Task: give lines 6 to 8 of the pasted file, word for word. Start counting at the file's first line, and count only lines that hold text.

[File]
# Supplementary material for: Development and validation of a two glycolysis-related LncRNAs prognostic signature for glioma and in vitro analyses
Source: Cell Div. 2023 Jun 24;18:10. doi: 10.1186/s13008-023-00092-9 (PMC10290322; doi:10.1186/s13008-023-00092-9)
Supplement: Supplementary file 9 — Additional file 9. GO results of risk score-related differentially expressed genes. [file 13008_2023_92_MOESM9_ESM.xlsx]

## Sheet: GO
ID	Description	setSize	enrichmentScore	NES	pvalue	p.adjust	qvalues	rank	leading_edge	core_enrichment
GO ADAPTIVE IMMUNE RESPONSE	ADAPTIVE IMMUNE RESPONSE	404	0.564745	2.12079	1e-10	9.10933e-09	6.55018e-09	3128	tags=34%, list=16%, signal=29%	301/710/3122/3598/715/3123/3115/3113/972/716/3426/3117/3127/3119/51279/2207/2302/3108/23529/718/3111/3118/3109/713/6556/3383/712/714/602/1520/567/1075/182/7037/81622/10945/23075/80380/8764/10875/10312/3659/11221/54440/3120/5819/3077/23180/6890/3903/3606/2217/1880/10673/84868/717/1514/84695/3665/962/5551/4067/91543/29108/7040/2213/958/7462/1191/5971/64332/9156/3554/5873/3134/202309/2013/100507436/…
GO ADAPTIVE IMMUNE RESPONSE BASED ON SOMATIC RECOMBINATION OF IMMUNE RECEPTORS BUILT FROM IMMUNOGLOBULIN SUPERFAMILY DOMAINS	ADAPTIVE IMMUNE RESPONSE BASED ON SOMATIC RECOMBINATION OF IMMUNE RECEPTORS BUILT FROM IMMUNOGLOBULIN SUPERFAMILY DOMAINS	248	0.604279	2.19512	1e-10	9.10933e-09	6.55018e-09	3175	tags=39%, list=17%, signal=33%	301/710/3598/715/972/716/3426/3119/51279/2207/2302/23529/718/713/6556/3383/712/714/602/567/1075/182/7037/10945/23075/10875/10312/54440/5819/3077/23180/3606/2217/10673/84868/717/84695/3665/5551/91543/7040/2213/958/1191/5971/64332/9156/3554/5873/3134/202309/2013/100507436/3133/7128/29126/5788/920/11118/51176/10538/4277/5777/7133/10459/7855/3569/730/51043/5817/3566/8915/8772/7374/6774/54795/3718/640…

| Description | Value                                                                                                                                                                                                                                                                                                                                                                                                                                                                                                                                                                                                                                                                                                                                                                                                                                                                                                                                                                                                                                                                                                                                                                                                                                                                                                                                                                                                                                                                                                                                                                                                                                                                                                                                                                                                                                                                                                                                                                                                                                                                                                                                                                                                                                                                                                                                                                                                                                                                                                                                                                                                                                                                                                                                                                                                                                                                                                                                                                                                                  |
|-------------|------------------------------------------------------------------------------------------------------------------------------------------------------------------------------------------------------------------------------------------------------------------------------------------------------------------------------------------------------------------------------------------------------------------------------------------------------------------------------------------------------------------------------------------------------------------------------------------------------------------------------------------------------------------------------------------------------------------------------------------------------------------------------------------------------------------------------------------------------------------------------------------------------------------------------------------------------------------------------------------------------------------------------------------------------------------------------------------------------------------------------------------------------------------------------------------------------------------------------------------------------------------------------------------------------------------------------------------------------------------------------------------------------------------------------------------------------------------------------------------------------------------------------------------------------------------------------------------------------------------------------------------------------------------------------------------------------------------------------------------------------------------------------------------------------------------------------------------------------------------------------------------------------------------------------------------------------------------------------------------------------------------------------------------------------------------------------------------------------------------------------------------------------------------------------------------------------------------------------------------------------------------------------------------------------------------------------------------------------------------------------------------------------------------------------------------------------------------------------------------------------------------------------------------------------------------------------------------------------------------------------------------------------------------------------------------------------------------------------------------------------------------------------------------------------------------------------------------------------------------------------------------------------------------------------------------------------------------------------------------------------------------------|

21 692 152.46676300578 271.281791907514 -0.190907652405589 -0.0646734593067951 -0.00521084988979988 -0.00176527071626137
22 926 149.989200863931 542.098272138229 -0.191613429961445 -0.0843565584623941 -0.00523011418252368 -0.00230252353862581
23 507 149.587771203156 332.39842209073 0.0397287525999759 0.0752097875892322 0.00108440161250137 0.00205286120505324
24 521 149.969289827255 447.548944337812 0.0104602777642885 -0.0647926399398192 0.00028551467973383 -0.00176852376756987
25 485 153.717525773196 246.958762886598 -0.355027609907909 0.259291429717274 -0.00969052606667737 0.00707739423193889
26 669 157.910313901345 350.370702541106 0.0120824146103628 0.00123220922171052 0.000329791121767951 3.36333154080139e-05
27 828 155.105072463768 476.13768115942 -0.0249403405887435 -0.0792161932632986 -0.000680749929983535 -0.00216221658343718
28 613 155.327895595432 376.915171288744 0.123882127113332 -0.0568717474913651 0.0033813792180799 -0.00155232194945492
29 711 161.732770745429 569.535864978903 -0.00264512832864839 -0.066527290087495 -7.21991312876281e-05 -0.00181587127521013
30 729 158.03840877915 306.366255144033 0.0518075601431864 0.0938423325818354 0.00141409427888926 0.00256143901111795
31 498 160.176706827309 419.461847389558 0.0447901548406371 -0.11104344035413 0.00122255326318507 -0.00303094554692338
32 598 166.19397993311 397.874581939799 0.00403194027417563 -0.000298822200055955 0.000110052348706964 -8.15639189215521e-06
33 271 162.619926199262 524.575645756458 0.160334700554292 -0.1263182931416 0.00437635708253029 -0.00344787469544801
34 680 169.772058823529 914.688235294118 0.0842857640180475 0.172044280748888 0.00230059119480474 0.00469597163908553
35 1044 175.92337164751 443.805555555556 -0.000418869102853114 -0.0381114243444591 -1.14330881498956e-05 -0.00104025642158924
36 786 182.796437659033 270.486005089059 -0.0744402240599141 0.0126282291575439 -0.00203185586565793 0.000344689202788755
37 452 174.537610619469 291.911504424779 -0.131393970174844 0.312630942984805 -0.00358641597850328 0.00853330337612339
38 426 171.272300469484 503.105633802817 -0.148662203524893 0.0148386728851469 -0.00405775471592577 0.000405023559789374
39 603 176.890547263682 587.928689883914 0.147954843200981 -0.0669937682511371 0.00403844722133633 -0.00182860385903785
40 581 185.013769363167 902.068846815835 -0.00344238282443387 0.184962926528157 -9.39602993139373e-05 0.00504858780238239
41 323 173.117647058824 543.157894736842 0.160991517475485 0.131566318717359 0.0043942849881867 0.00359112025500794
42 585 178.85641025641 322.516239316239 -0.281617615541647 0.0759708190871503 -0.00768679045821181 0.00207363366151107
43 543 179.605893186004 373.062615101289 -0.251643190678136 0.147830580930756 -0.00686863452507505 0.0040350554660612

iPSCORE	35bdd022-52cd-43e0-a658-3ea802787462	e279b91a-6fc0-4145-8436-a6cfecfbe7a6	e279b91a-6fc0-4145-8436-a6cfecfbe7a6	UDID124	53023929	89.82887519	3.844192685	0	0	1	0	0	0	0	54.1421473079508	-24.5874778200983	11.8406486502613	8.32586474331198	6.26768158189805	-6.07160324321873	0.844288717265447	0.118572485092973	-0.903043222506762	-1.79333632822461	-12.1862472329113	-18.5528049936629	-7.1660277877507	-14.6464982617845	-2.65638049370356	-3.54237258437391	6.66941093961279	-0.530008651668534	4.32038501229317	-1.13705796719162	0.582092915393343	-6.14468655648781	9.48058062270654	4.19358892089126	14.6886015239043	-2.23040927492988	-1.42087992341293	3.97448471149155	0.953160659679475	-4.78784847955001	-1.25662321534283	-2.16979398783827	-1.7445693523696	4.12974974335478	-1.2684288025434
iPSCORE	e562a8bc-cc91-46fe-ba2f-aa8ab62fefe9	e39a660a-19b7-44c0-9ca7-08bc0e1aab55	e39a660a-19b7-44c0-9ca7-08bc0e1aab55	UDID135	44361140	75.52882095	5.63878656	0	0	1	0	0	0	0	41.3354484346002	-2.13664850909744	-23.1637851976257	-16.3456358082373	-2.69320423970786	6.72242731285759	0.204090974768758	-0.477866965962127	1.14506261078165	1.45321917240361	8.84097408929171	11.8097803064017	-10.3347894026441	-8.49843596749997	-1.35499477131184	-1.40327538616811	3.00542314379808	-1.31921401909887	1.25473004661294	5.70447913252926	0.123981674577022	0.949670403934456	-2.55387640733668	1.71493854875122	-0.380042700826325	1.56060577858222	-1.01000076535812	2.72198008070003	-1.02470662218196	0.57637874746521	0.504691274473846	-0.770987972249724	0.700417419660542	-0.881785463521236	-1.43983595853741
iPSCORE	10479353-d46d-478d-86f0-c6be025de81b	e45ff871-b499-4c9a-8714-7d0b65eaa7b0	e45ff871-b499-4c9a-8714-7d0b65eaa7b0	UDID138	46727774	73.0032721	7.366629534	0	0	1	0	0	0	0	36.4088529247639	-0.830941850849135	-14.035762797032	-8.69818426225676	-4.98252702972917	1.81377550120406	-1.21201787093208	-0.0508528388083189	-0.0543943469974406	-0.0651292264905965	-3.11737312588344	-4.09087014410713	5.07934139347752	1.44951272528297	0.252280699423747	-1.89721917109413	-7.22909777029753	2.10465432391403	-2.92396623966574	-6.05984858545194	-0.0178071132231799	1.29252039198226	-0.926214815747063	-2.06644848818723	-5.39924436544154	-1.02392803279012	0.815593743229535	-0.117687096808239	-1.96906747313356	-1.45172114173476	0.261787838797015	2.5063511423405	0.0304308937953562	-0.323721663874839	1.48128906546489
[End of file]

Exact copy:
GO ADAPTIVE IMMUNE RESPONSE	ADAPTIVE IMMUNE RESPONSE	404	0.564745	2.12079	1e-10	9.10933e-09	6.55018e-09	3128	tags=34%, list=16%, signal=29%	301/710/3122/3598/715/3123/3115/3113/972/716/3426/3117/3127/3119/51279/2207/2302/3108/23529/718/3111/3118/3109/713/6556/3383/712/714/602/1520/567/1075/182/7037/81622/10945/23075/80380/8764/10875/10312/3659/11221/54440/3120/5819/3077/23180/6890/3903/3606/2217/1880/10673/84868/717/1514/84695/3665/962/5551/4067/91543/29108/7040/2213/958/7462/1191/5971/64332/9156/3554/5873/3134/202309/2013/100507436/…
GO ADAPTIVE IMMUNE RESPONSE BASED ON SOMATIC RECOMBINATION OF IMMUNE RECEPTORS BUILT FROM IMMUNOGLOBULIN SUPERFAMILY DOMAINS	ADAPTIVE IMMUNE RESPONSE BASED ON SOMATIC RECOMBINATION OF IMMUNE RECEPTORS BUILT FROM IMMUNOGLOBULIN SUPERFAMILY DOMAINS	248	0.604279	2.19512	1e-10	9.10933e-09	6.55018e-09	3175	tags=39%, list=17%, signal=33%	301/710/3598/715/972/716/3426/3119/51279/2207/2302/23529/718/713/6556/3383/712/714/602/567/1075/182/7037/10945/23075/10875/10312/54440/5819/3077/23180/3606/2217/10673/84868/717/84695/3665/5551/91543/7040/2213/958/1191/5971/64332/9156/3554/5873/3134/202309/2013/100507436/3133/7128/29126/5788/920/11118/51176/10538/4277/5777/7133/10459/7855/3569/730/51043/5817/3566/8915/8772/7374/6774/54795/3718/640…

| Description | Value                                                                                                                                                                                                                                                                                                                                                                                                                                                                                                                                                                                                                                                                                                                                                                                                                                                                                                                                                                                                                                                                                                                                                                                                                                                                                                                                                                                                                                                                                                                                                                                                                                                                                                                                                                                                                                                                                                                                                                                                                                                                                                                                                                                                                                                                                                                                                                                                                                                                                                                                                                                                                                                                                                                                                                                                                                                                                                                                                                                                                  |